Tatsushi Omori burst onto the scene in 2005 with the extremely hard-hitting and infinitely controversial The Whispering of the Gods before going on to build a career on chronicling the unpalatable facets of human nature. He does have his lighter sides as the delightfully whimsical Seto and Utsumi proves, but even so he might be thought an odd fit for directing an adaptation of a series of autobiographical essays detailing one woman’s personal growth over a 20 year period spent perfecting the art of the Japanese tea ceremony. Every Day a Good Day (日日是好日, Nichinichi Kore Kojitsu) is, however, like much of his previous work, a story of youthful ennui and existential despair only one in which it turns out that the world is basically good once you agree to embrace it for what it is.
The film opens in 1993 with the heroine, Noriko (Haru Kuroki), a confused college student unsure of the forward direction of her life. Often ridiculed by her family for being clumsy and neurotic, Noriko compares herself unfavourably with her glamorous cousin Michiko (Mikako Tabe) who has come to the city from the country to study and appears to have her whole life already mapped out with a confidence Noriko could only dream of. A turning point arrives when she’s talked into accompanying Michiko to learn tea ceremony from a kindly old lady, Mrs. Takeda (Kirin Kiki), who lives nearby. Despite regarding tea ceremony as something fussy and old fashioned that only conservative housewives aspire to learn, Noriko begins to develop a fondness for its formalist rigour and continues dutifully attending classes for the next 24 years.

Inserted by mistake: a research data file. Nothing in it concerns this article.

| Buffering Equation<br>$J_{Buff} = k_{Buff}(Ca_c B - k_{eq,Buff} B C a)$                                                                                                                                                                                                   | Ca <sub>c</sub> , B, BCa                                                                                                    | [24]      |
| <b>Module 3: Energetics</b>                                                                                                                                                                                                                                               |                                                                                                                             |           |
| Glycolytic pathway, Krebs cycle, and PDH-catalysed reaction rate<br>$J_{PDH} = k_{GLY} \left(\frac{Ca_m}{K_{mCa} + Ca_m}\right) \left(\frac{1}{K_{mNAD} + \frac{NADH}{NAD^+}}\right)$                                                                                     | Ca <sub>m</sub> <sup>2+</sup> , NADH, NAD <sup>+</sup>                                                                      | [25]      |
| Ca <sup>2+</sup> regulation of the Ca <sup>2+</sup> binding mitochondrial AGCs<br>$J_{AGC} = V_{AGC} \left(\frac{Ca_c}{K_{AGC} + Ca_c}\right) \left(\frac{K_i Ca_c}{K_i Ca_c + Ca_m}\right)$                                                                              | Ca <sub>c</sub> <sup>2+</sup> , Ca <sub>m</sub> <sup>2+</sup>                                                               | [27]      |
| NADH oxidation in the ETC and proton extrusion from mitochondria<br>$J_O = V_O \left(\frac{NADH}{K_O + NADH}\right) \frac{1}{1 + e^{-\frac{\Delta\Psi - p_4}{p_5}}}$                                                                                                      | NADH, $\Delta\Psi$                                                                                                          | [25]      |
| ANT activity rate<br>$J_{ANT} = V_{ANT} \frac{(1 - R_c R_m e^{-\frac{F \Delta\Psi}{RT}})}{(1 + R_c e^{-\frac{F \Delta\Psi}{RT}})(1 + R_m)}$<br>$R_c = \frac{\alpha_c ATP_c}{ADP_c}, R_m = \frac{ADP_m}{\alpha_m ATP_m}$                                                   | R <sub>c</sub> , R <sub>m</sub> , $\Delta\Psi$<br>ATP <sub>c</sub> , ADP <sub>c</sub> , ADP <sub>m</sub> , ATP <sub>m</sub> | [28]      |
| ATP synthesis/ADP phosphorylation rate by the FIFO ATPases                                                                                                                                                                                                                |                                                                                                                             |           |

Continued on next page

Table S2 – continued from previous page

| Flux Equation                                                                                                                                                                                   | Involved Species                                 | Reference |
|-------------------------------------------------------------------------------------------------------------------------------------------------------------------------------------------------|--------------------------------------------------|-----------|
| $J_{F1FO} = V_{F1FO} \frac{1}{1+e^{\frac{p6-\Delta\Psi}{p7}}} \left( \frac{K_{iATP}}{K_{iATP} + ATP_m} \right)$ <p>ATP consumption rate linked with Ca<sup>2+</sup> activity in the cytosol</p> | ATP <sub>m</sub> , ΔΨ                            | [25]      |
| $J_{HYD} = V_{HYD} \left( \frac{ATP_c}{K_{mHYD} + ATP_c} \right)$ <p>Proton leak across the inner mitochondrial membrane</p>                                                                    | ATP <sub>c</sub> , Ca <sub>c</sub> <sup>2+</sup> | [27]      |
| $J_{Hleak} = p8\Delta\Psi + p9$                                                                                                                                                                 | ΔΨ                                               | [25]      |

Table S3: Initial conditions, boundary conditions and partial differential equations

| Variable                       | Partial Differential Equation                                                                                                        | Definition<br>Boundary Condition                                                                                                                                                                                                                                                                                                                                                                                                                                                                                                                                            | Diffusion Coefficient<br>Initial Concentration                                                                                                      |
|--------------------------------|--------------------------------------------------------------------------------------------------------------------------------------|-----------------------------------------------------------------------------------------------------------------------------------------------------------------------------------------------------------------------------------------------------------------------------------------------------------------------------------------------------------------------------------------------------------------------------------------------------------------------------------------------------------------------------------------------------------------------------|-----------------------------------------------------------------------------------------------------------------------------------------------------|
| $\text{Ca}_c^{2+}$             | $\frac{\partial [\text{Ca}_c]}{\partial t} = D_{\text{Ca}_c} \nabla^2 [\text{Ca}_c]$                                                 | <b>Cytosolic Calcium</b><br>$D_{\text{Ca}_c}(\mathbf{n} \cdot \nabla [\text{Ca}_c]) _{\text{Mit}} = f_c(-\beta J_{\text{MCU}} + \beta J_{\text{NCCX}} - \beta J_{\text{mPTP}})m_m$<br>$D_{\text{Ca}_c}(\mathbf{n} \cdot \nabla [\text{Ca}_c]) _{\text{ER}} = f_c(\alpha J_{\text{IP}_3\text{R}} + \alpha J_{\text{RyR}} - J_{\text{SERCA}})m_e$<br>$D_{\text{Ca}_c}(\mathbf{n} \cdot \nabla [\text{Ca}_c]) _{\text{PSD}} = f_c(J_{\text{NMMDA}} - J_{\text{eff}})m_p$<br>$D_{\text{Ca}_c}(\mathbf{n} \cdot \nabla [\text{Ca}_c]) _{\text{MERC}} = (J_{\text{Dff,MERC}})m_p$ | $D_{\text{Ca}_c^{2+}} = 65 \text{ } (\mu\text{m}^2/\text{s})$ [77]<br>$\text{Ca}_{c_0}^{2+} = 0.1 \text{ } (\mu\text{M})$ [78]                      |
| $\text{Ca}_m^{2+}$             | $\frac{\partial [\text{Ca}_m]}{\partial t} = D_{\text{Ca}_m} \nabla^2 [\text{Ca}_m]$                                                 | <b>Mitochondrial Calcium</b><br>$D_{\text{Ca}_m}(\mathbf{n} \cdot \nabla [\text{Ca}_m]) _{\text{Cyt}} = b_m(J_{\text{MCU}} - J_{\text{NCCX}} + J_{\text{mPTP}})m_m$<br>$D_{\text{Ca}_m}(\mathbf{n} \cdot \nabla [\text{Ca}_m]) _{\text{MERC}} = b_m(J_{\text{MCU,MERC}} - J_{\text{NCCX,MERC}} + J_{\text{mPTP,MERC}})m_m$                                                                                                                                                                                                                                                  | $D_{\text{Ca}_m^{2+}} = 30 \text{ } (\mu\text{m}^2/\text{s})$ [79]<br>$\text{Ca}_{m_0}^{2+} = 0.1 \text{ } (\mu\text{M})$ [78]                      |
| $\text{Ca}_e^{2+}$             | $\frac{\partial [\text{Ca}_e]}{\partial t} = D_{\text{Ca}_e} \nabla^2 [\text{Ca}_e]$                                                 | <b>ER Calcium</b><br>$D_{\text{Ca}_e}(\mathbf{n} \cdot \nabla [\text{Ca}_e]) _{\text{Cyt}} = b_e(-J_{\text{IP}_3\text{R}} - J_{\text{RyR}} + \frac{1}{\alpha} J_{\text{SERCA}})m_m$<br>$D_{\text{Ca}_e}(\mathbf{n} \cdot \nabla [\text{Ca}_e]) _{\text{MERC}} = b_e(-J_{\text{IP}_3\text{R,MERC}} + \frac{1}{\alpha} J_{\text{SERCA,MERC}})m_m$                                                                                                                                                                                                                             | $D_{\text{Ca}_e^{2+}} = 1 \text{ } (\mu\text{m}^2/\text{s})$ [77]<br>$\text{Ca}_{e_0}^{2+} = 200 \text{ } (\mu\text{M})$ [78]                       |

“Carry light things as if they were heavy, and heavy things as if they were light” Noriko is told as she clumsily tries to carry an urn from one room to another, though like much of Takeda-sensei’s advice it serves as a general lesson on life itself. Mystified by the entire process, Noriko and Michiko make the mistake of trying to ask practical questions about why something must be done in a particular way only for Takeda-sensei to admit she doesn’t know, it simply is and must be so. To look for that kind of literal meaning would be a waste of time.
Of course, she doesn’t quite put it that way. As Noriko later realises, some things are easy to understand and need only be done once. Other things take longer and can only be understood through a weight of experience. Just as she was bored out her mind by La Strada at 10 but moved to tears at 20, the discrete pleasures of the tea ceremony are something only fully comprehended when the right moment arrives. What was once empty formalism becomes a framework for appreciating the world in all its complexity, embracing each of the seasons as they pass and learning to live exactly in the moment in the knowledge that a moment is both eternal and transient.
Noriko continues to feel herself out of place as she witnesses those around her progress in their careers, get married, or go abroad while she remains stuck, unable to find a direction in which to move. Even tea ceremony occasionally betrays her as new pupils arrive, depart, and sometimes wound her newfound sense of confidence by quickly eclipsing her. Nevertheless, the calm and serenity of ritualised motion become a place of refuge from the confusing outside world while also offering a warmth and friendship perhaps unexpected in such an otherwise ordered existence.
Over almost a quarter of a century, Noriko’s life goes through a series of changes from career worries to romantic heartbreak, learning to love again, and bereavement, while tea ceremony remains her only constant. She may not yet have discovered the path to happiness, but perhaps has begun to reach an understanding of it and believe that it might exist in some future moment – as Takeda-sensei says, there are flowers which bloom only in winter. In any case, what she’s learned is that sometimes it’s better not to overthink things and simply experience them to the best of your ability while you’re both still around. Every day really is a good day when you learn to slow down and truly appreciate it, living in the moment while the moment lasts in acknowledgement that it will never come again.
Original trailer (English subtitles)